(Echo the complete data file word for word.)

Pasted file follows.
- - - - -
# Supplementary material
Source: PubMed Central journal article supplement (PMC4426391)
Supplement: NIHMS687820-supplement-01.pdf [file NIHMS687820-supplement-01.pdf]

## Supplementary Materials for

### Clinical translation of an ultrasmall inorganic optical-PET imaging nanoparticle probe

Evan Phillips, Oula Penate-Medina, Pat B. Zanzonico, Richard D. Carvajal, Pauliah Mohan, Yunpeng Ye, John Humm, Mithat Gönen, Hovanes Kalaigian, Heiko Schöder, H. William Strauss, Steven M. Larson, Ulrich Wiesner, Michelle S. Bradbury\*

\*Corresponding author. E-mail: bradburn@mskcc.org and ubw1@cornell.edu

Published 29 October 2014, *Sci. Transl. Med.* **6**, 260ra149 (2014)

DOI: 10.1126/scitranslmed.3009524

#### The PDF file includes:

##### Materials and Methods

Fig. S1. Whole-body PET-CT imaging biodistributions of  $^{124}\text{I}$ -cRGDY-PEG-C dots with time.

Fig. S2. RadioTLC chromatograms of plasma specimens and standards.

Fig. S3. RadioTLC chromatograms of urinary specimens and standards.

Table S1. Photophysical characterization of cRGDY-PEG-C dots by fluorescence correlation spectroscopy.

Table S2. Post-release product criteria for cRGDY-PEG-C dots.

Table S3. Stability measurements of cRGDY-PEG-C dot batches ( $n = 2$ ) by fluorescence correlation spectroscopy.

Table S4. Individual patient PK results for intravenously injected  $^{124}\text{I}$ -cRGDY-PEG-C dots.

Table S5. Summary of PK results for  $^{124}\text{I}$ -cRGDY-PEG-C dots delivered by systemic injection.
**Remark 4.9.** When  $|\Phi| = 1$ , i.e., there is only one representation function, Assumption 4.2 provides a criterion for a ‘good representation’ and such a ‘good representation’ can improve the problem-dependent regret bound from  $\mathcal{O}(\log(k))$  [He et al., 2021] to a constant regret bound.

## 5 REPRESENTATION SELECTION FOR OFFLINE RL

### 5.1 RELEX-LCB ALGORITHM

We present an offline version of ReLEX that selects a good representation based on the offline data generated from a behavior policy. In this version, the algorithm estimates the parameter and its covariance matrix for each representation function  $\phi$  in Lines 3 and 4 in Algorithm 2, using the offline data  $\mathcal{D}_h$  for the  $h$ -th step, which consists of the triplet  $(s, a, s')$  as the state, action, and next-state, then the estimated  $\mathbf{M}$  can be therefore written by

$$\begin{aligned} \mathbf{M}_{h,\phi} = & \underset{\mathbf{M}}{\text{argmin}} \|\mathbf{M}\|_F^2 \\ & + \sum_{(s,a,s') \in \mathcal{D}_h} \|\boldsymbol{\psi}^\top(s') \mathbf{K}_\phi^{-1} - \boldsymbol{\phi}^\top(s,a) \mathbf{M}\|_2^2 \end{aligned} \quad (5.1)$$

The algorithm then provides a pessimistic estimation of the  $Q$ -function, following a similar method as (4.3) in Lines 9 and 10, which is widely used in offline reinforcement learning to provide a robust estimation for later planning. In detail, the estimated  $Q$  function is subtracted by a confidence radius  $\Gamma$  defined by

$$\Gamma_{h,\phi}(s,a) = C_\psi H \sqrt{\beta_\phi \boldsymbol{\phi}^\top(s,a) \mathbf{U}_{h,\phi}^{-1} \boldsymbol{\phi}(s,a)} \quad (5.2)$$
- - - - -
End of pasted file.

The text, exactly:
# Supplementary material
Source: PubMed Central journal article supplement (PMC4426391)
Supplement: NIHMS687820-supplement-01.pdf [file NIHMS687820-supplement-01.pdf]

## Supplementary Materials for

### Clinical translation of an ultrasmall inorganic optical-PET imaging nanoparticle probe

Evan Phillips, Oula Penate-Medina, Pat B. Zanzonico, Richard D. Carvajal, Pauliah Mohan, Yunpeng Ye, John Humm, Mithat Gönen, Hovanes Kalaigian, Heiko Schöder, H. William Strauss, Steven M. Larson, Ulrich Wiesner, Michelle S. Bradbury\*

\*Corresponding author. E-mail: bradburn@mskcc.org and ubw1@cornell.edu

Published 29 October 2014, *Sci. Transl. Med.* **6**, 260ra149 (2014)

DOI: 10.1126/scitranslmed.3009524

#### The PDF file includes:

##### Materials and Methods

Fig. S1. Whole-body PET-CT imaging biodistributions of  $^{124}\text{I}$ -cRGDY-PEG-C dots with time.

Fig. S2. RadioTLC chromatograms of plasma specimens and standards.

Fig. S3. RadioTLC chromatograms of urinary specimens and standards.

Table S1. Photophysical characterization of cRGDY-PEG-C dots by fluorescence correlation spectroscopy.

Table S2. Post-release product criteria for cRGDY-PEG-C dots.

Table S3. Stability measurements of cRGDY-PEG-C dot batches ( $n = 2$ ) by fluorescence correlation spectroscopy.

Table S4. Individual patient PK results for intravenously injected  $^{124}\text{I}$ -cRGDY-PEG-C dots.

Table S5. Summary of PK results for  $^{124}\text{I}$ -cRGDY-PEG-C dots delivered by systemic injection.
**Remark 4.9.** When  $|\Phi| = 1$ , i.e., there is only one representation function, Assumption 4.2 provides a criterion for a ‘good representation’ and such a ‘good representation’ can improve the problem-dependent regret bound from  $\mathcal{O}(\log(k))$  [He et al., 2021] to a constant regret bound.

## 5 REPRESENTATION SELECTION FOR OFFLINE RL

### 5.1 RELEX-LCB ALGORITHM

We present an offline version of ReLEX that selects a good representation based on the offline data generated from a behavior policy. In this version, the algorithm estimates the parameter and its covariance matrix for each representation function  $\phi$  in Lines 3 and 4 in Algorithm 2, using the offline data  $\mathcal{D}_h$  for the  $h$ -th step, which consists of the triplet  $(s, a, s')$  as the state, action, and next-state, then the estimated  $\mathbf{M}$  can be therefore written by

$$\begin{aligned} \mathbf{M}_{h,\phi} = & \underset{\mathbf{M}}{\text{argmin}} \|\mathbf{M}\|_F^2 \\ & + \sum_{(s,a,s') \in \mathcal{D}_h} \|\boldsymbol{\psi}^\top(s') \mathbf{K}_\phi^{-1} - \boldsymbol{\phi}^\top(s,a) \mathbf{M}\|_2^2 \end{aligned} \quad (5.1)$$

The algorithm then provides a pessimistic estimation of the  $Q$ -function, following a similar method as (4.3) in Lines 9 and 10, which is widely used in offline reinforcement learning to provide a robust estimation for later planning. In detail, the estimated  $Q$  function is subtracted by a confidence radius  $\Gamma$  defined by

$$\Gamma_{h,\phi}(s,a) = C_\psi H \sqrt{\beta_\phi \boldsymbol{\phi}^\top(s,a) \mathbf{U}_{h,\phi}^{-1} \boldsymbol{\phi}(s,a)} \quad (5.2)$$